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Sri Lanka Update: Shootout between troops and militants left 15 dead.

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Source: Reuters

A gun battle between troops and suspected Islamist militants on Sri Lanka’s east coast left 15 dead, including six children, a military spokesman said on Saturday, six days after suicide bombers killed more than 250 people on the island.

The shootout at a safe house erupted on Friday in Sainthamaruthu in Ampara district, to the south of the Sri Lankan town of Batticaloa, site of one of the Easter Sunday blasts which have been claimed by Islamic State.

The government has said that the attacks on three churches and four hotels, most of which were in the capital Colombo, were carried out by nine well-educated Sri Lankans, eight of whom have been identified.

A police spokesman said three suspected suicide bombers were among the dead following Friday’s gun battle.

Authorities have warned there could be more attacks against religious centers following the bombings, which shattered the relative calm in Buddhist-majority Sri Lanka since a conflict with mostly-Hindu ethnic Tamil separatists ended a decade ago.

President Maithripala Sirisena and the government headed by Prime Minister Ranil Wickremesinghe have faced criticism over the attacks about which there were repeated warnings from India.

Both have said intelligence was not shared with them, exposing rifts at the top of the government and raising questions about its ability to deal with the security crisis.

Two sources told Reuters on Saturday that Sri Lanka’s police chief had refused to accept Sirisena’s request to step down, in a further embarrassment for the president.

The U.S. State Department, warning that terrorist groups were continuing to plot attacks, urged citizens to reconsider travel to Sri Lanka and ordered the departure of all school-age family members of U.S. government employees. It also authorized non-emergency employees to leave.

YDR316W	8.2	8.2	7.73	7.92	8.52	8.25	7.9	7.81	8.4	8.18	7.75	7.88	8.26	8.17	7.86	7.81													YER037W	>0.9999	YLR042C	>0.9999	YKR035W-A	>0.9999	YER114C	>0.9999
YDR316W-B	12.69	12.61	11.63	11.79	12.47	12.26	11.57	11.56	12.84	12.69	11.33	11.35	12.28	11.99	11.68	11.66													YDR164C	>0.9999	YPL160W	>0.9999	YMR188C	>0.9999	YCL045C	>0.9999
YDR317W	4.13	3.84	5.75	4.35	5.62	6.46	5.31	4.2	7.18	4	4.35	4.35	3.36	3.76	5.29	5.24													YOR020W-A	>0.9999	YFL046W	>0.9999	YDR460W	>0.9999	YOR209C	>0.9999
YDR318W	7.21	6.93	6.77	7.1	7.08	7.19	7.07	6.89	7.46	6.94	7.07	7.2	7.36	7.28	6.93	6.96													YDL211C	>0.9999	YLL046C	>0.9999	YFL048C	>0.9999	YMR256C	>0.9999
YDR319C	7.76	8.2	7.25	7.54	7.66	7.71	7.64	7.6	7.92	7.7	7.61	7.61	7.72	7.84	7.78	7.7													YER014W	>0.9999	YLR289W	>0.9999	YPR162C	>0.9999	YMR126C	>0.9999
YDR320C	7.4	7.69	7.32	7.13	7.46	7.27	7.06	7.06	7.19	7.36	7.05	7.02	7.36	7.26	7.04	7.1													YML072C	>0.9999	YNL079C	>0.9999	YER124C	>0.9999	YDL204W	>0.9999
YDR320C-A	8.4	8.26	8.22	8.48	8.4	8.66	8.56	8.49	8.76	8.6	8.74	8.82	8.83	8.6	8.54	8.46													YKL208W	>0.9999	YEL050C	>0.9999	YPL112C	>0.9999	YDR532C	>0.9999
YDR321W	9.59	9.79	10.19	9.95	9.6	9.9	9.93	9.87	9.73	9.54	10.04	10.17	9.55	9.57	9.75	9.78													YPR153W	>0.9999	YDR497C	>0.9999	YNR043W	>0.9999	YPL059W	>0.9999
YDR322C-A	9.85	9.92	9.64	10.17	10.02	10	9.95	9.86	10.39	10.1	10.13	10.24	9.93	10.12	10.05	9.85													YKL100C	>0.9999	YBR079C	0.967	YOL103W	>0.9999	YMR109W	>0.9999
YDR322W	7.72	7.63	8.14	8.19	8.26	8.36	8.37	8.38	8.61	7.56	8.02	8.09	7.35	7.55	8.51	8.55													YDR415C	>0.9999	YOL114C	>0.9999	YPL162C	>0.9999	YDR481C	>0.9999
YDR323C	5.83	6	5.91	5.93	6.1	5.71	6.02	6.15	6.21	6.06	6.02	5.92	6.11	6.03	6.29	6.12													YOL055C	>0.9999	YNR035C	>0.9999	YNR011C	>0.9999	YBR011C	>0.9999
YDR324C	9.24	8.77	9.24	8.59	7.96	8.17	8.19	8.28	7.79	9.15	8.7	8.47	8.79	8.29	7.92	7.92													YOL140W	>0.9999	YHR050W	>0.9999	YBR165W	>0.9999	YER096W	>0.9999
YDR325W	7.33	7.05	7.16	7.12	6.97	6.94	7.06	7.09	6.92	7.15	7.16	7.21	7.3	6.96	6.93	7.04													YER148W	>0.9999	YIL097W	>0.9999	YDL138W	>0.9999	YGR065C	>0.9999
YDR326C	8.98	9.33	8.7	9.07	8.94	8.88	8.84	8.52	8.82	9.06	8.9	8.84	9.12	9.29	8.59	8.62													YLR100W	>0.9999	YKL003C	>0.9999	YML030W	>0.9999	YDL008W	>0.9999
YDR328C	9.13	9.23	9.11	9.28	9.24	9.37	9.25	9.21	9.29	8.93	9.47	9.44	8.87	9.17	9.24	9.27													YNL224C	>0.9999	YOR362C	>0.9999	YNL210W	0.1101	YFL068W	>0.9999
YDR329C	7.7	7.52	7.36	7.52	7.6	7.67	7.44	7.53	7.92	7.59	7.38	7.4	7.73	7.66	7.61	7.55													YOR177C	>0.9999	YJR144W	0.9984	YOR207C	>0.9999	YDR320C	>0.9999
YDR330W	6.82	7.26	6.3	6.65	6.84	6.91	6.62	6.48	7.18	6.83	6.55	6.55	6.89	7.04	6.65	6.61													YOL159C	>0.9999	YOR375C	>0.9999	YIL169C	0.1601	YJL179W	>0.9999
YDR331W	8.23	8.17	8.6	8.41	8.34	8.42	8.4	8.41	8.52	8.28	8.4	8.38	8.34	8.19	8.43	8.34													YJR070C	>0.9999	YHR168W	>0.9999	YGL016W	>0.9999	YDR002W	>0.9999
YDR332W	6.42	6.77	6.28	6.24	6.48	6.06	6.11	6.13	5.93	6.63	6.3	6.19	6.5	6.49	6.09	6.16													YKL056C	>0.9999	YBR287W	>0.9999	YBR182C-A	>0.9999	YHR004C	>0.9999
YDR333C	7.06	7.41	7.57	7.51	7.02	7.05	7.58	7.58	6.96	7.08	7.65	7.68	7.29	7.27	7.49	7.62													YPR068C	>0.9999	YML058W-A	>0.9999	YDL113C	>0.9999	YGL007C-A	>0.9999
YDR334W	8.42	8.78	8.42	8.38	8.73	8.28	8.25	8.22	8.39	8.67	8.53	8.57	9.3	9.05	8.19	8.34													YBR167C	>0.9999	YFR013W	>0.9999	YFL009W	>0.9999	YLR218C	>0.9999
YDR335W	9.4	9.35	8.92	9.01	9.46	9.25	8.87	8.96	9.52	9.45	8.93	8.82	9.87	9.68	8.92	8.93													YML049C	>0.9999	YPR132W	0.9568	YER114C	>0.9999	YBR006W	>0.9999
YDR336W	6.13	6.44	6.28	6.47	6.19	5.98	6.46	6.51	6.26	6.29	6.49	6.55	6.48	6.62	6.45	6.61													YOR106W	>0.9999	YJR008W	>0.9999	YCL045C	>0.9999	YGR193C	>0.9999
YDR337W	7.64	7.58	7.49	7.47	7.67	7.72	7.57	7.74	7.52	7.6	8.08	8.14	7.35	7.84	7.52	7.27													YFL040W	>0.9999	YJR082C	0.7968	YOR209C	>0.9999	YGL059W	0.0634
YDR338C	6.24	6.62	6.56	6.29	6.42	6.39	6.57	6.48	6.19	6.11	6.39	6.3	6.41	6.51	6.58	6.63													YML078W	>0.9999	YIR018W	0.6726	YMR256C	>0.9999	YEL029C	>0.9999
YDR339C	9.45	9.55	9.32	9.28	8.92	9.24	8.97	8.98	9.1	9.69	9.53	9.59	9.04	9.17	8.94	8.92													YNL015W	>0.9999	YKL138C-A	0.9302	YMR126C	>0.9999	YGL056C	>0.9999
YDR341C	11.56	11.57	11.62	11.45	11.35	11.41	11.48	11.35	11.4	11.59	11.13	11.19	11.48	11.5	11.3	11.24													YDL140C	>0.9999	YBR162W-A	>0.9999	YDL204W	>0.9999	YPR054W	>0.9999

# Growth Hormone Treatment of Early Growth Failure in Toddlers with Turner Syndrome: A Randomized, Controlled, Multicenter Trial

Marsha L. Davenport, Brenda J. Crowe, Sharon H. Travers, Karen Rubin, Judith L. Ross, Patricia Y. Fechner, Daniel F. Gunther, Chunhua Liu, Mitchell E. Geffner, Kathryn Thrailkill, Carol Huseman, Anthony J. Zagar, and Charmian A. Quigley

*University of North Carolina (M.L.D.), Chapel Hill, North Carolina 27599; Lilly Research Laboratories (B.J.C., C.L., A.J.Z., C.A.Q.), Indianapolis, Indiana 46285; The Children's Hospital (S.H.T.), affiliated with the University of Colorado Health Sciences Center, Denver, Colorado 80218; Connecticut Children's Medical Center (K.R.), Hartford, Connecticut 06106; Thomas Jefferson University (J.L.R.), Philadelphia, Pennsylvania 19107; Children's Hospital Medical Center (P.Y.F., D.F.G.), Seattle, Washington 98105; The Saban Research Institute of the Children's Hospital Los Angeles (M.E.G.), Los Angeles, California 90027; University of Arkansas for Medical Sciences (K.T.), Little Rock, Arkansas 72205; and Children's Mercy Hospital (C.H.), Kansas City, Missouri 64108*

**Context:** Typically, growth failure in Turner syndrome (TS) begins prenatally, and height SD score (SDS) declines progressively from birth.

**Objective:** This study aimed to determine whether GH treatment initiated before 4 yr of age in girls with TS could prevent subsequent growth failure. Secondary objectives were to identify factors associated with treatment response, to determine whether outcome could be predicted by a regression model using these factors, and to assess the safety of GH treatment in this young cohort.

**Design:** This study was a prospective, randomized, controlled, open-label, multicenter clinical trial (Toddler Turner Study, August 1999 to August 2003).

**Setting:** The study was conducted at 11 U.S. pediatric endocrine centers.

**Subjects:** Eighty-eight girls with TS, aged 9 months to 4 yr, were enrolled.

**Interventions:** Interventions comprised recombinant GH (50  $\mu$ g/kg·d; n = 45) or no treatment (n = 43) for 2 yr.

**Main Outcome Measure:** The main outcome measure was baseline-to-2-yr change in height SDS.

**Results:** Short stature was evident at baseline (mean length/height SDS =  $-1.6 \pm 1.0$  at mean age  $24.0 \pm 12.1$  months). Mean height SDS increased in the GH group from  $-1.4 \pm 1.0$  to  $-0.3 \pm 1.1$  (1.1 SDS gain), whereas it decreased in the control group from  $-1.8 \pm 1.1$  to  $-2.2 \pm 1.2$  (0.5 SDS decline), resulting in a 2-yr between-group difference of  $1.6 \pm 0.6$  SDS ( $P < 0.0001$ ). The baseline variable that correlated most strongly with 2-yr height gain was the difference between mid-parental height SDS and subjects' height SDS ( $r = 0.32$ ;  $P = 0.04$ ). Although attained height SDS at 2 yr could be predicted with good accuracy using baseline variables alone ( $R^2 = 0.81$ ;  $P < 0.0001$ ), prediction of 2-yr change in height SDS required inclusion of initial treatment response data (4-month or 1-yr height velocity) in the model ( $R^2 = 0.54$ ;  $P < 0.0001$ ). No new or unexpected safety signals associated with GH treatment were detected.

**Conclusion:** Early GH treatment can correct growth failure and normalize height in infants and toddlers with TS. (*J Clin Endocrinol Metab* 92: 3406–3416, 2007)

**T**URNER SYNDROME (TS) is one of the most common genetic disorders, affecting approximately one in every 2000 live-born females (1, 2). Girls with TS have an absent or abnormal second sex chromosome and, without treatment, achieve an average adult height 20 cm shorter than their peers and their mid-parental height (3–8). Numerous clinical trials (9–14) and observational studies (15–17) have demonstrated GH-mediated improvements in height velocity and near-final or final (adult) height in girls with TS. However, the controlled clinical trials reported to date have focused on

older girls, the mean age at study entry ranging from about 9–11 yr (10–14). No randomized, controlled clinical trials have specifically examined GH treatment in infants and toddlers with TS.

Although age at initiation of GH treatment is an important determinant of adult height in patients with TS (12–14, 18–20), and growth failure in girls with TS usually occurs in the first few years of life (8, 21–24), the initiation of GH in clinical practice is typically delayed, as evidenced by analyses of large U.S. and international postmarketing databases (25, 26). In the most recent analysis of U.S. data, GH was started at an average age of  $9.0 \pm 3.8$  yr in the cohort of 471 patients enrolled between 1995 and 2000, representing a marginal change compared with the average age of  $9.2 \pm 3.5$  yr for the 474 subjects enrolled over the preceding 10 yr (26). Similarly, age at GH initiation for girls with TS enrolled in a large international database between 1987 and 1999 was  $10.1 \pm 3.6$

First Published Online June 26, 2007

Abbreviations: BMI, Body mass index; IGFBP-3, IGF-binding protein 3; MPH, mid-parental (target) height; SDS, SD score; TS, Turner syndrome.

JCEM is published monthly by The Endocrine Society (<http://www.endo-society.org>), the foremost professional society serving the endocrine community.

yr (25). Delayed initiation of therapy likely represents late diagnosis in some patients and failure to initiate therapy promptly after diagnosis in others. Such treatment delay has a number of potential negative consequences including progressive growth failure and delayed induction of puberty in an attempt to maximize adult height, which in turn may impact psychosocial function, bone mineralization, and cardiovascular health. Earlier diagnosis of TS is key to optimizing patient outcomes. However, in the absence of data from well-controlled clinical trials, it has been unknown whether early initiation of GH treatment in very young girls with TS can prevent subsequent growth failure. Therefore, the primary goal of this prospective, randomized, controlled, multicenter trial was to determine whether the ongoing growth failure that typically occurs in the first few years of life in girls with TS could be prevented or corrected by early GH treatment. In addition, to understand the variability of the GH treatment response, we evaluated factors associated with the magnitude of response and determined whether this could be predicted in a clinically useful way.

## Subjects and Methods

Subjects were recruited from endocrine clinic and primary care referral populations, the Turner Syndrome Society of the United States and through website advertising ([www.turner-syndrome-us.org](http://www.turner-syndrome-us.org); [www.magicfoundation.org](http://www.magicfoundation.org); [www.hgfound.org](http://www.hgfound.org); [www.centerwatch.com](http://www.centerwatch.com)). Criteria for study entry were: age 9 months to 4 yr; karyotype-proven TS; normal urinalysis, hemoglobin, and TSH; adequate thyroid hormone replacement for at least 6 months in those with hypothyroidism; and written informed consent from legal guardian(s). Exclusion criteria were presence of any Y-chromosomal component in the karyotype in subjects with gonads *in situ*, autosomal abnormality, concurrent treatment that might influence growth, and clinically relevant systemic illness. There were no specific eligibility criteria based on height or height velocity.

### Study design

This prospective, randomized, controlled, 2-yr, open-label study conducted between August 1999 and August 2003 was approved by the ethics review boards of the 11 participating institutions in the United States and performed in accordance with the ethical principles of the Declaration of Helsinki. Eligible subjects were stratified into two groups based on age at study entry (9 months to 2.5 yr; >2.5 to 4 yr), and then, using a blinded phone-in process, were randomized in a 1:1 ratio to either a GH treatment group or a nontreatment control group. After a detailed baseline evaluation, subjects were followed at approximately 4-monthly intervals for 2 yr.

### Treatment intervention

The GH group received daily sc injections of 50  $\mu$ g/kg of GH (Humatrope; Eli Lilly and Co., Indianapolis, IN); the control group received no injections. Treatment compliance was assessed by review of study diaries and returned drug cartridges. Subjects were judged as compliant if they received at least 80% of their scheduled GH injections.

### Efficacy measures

Britain has also warned its nationals to avoid traveling to Sri Lanka unless absolutely necessary.

ISLAMIC STATE BANNERS

The east coast battle broke out when troops heading toward a suspected militant safe house were repulsed by three explosions and gunfire, military spokesman Sumith Atapattu said.

“Troops retaliated and raided the safe house where a large cache of explosives had been stored,” he said in a statement, adding that the militants were suspected members of the domestic Islamist group National Towheed Jama’at (NTJ), which has been blamed for last Sunday’s attacks.

Security personnel seen at the site of an overnight gun battle, between troops and suspected Islamist militants, on the east coast of Sri Lanka, in Kalmunai, April 27, 2019. REUTERS/Dinuka Liyanawatte

Bomb-making materials, dozens of gelignite sticks and thousands of ball bearings were found in a search of a separate house in the same area along with Islamic State banners and uniforms, the military said.

Police said on Friday they were trying to track down 140 people they believe have links with Islamic State, while Sri Lanka’s president said some Sri Lankan youths had been involved with it since 2013 and that there were drug trafficking links.

“Our efforts to eradicate the drugs menace from the country could have advanced the ISIS attack,” Sirisena said.

Nearly 10,000 soldiers have been deployed across the Indian Ocean island state to carry out searches and provide security for religious centers, the military said.

Authorities have so far focused their investigations on international links to two domestic groups they believe carried out the attacks, NTJ and Jammiyathul Millathu Ibrahim.

They said they have detained at least 76 people, including foreigners from Syria and Egypt, with 20 arrested in the past 24 hours alone.

In a separate raid on a mosque in Colombo, a suspect was arrested and a haul of 40 swords and kris knives were seized from under the bed of the chief cleric, police said.

INTELLIGENCE FAILURE

Islamic State provided no evidence that it was behind Sunday’s blasts, which would be one of the worst attacks carried out by the group outside Iraq and Syria.

The group released a video showing eight men, all but one with their faces covered, under a black Islamic State flag and declaring their loyalty to its leader, Abu Bakr Al-Baghdadi

Muslims were urged to pray at home on Friday after the State Intelligence Services warned of possible car bomb attacks, amid fears of retaliatory violence. Many have fled their homes amid bomb scares, lockdowns and security sweeps.